Diagnosis.—Medium-sized multicostate Cirpa with rather flat valves. Beak small with short and slightly depressed planareas. Anterior commissure uniplicate in a wide dorsal median fold; with numerous ribs, occasionally bifurcate; pedicle collar present, double triangular deltidial plates; fused subhorizontal hinge plates, hamiform crura.
Occurrence.—In the Subbetic Domain, the material updated as C. lucentina n. sp. was cited by Jiménez de Cisneros (1923) in the “Middle Lias.” Baeza-Carratalá (2013) restricted the distribution range of this taxon in the Subbetic and the Prebetic/Subbetic transitional zones (Baeza-Carratalá et al., 2016b) to the late Pliensbachian.
Description.—Medium-sized biconvex shells with both valves rather flat. Shell wider than long and the thickness is about half its width. The maximum width lies around the mid-length and the maximum thickness is shifted toward the posterior third of the shell. Dorsal outline is triangular with a rounded anterior margin. The beak is small and strong, suberect, and shows a minute pedicle foramen. Narrow, faintly defined beak ridges bordering slightly depressed planareas that are poorly developed on the flanks. Commissure is straight laterally and uniplicate at anterior margin, showing a low, arcuate, and wide dorsal median fold. Multicostate shell, displaying 13–16 ribs running along the entire shell length, triangular in cross-section (4–6 of which are present on the median fold). It is not unusual to detect bifurcations originating from the posterior third of the shell.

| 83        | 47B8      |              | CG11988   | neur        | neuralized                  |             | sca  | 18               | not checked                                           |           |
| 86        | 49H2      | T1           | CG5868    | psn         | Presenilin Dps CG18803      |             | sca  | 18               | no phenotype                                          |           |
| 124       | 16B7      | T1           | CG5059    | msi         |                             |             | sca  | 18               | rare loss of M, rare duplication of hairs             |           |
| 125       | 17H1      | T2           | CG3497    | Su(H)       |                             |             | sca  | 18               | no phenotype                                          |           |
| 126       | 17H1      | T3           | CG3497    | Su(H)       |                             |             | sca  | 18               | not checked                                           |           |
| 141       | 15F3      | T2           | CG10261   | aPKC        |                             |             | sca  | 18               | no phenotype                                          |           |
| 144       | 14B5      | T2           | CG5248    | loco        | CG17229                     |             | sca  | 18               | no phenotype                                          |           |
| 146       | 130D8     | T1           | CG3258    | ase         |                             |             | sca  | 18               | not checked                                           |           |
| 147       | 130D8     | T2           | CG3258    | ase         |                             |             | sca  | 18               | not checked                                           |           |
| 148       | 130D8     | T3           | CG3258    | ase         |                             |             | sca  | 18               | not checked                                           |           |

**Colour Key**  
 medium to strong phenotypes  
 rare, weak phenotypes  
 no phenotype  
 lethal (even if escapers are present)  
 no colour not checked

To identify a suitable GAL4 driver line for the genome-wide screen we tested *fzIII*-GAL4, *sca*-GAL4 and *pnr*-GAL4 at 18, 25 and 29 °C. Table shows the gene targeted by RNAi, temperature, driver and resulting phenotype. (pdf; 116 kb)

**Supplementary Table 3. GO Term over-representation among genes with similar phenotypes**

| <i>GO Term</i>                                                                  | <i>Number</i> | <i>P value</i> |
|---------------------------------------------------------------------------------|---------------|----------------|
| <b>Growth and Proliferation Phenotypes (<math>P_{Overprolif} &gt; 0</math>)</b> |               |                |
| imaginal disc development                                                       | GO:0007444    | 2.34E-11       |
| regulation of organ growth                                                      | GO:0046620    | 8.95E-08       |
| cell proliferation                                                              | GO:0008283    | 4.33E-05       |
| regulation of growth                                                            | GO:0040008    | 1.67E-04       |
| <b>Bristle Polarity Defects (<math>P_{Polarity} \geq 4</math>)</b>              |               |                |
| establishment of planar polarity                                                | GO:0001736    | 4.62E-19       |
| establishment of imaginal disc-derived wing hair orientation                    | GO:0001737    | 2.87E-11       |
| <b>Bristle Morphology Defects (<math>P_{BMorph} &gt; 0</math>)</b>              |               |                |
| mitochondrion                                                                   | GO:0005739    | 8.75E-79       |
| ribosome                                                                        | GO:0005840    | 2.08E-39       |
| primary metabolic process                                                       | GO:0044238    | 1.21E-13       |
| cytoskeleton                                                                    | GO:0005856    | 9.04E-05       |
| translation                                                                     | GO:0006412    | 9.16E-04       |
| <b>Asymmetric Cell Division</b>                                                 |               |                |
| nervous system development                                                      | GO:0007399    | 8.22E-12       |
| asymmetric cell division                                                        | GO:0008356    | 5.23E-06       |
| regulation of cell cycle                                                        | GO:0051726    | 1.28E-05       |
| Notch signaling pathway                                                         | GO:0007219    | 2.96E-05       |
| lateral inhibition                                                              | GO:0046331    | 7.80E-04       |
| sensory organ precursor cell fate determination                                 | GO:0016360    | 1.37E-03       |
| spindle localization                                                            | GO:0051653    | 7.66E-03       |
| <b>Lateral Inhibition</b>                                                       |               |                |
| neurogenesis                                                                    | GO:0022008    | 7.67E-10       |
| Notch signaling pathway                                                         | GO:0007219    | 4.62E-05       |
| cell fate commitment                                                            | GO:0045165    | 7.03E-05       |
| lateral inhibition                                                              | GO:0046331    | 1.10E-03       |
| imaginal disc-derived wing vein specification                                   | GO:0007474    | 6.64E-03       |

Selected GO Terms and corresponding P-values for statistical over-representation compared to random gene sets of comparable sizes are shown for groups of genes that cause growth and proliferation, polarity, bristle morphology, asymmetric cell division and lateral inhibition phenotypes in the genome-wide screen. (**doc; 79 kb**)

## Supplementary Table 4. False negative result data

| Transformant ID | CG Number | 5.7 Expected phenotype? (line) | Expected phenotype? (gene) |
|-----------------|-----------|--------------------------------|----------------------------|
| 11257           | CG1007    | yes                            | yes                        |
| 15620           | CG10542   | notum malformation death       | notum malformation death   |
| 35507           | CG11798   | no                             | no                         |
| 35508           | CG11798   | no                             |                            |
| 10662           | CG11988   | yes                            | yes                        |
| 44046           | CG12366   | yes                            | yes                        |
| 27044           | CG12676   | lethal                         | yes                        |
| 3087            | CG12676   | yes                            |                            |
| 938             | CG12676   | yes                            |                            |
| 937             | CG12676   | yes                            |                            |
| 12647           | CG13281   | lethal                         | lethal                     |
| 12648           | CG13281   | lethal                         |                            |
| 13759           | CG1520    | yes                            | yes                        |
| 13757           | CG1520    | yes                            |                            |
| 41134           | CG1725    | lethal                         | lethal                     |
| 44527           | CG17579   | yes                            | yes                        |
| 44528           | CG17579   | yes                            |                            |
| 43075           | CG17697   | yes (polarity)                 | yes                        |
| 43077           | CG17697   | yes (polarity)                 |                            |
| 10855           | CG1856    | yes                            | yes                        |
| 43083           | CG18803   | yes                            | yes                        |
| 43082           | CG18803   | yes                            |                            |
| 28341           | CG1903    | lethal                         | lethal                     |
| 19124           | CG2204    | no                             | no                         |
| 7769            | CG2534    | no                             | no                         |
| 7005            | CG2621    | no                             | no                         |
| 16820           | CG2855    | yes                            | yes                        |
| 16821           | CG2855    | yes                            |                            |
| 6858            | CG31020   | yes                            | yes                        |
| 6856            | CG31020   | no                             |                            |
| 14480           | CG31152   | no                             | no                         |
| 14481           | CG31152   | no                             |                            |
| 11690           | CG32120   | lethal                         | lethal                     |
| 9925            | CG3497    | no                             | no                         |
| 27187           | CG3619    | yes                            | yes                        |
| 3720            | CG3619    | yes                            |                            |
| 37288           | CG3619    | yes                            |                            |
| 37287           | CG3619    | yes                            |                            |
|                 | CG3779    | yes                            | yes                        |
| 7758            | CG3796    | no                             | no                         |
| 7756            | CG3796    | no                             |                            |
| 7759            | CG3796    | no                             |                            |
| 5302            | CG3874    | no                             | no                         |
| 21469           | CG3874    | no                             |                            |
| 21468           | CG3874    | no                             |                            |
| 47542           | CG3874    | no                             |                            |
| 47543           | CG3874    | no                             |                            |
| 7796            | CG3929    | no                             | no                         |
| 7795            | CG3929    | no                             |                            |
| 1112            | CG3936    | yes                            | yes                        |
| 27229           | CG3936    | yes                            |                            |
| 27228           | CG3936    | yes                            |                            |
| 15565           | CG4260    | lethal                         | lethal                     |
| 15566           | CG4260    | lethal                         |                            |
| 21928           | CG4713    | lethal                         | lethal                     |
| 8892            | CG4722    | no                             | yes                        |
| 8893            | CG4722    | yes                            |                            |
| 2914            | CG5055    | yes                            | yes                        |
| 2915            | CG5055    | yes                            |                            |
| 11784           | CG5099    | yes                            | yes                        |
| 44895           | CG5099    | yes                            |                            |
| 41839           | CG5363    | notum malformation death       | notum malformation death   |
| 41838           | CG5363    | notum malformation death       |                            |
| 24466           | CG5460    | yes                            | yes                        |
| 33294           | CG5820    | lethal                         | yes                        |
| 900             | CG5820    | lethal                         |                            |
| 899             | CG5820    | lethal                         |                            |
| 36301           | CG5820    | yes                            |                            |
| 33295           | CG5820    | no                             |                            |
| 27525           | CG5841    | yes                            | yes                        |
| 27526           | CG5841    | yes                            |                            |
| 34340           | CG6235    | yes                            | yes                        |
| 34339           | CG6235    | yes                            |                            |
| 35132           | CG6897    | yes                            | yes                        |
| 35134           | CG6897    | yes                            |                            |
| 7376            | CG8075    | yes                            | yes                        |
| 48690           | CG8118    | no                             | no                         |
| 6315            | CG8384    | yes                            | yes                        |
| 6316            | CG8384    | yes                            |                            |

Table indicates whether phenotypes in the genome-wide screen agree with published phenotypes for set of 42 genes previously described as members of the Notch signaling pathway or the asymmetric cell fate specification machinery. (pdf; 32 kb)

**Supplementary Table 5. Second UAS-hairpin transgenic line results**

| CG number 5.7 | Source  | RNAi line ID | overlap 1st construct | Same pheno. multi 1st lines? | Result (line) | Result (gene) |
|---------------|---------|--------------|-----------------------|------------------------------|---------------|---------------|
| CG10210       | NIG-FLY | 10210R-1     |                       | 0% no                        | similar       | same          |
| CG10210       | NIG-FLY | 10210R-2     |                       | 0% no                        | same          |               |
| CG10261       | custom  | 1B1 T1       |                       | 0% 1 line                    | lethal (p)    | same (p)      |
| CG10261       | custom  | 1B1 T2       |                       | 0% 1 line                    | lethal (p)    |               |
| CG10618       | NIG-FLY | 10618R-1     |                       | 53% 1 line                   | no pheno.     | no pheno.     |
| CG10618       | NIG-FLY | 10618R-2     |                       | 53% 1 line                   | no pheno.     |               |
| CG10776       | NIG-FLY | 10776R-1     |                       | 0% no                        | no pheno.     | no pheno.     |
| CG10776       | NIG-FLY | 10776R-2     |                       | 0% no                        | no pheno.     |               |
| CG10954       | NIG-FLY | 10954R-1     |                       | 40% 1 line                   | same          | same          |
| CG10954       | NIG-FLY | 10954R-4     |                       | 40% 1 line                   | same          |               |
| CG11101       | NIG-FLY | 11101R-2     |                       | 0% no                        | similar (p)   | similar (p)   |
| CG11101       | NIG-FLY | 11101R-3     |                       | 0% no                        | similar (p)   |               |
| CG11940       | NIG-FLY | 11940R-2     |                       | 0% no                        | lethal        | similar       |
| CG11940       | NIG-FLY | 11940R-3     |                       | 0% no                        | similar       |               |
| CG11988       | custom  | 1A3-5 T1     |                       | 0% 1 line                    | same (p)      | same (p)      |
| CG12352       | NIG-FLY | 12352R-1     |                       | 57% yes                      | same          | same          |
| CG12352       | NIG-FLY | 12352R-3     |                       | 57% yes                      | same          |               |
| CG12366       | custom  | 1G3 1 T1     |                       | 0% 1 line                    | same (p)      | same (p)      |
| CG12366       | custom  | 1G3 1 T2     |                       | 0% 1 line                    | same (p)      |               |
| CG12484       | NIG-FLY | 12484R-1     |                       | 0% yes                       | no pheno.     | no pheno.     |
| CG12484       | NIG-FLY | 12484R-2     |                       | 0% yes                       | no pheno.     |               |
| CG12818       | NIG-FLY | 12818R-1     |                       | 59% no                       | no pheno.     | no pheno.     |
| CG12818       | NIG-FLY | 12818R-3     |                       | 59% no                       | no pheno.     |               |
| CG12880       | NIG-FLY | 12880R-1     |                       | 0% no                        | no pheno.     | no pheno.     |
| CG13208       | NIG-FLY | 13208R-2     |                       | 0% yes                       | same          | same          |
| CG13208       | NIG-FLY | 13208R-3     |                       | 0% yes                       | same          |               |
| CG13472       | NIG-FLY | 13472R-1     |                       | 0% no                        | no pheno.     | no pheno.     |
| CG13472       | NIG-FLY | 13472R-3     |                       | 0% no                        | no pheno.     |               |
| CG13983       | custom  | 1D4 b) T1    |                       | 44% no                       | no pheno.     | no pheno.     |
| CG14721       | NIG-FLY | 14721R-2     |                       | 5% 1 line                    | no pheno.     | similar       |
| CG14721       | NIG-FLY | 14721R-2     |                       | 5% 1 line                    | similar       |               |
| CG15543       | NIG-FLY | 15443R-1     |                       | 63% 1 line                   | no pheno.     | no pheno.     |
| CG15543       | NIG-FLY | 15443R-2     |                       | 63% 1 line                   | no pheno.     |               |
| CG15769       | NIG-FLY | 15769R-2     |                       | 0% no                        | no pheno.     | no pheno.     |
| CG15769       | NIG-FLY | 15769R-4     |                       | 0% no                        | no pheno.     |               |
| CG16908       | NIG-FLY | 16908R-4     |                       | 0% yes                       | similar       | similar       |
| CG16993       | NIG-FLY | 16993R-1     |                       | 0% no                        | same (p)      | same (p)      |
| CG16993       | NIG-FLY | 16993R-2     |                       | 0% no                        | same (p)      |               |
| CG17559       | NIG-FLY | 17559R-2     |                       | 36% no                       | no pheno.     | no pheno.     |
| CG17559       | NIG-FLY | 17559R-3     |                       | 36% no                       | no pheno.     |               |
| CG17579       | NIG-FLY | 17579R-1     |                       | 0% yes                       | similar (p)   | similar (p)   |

In its internal structure (Fig. 8), posterior subelliptical delthyrial cavity and semicircular umbonal cavities are visible. Pedicle collar present. Double deltidial plates, triangular in cross-section. Dental plates are straight and subparallel. Hinge teeth and sockets are crenulated, also developing small denticula. Dorsal median septum very short. Hinge plates are slender and fused, parallel to the commissural plane. They initially show a slight ventral orientation, anteriorly becoming straight and subparallel. Hamiform crural development, with relatively large comma-shaped crural endings (Fig. 8). Secondary layer of the shell shows an eurinoid pattern, featuring fibers with rhombic/subquadrate outline in cross section, ∼60–80 µm wide and 30–50 µm thick (Fig. 5.2).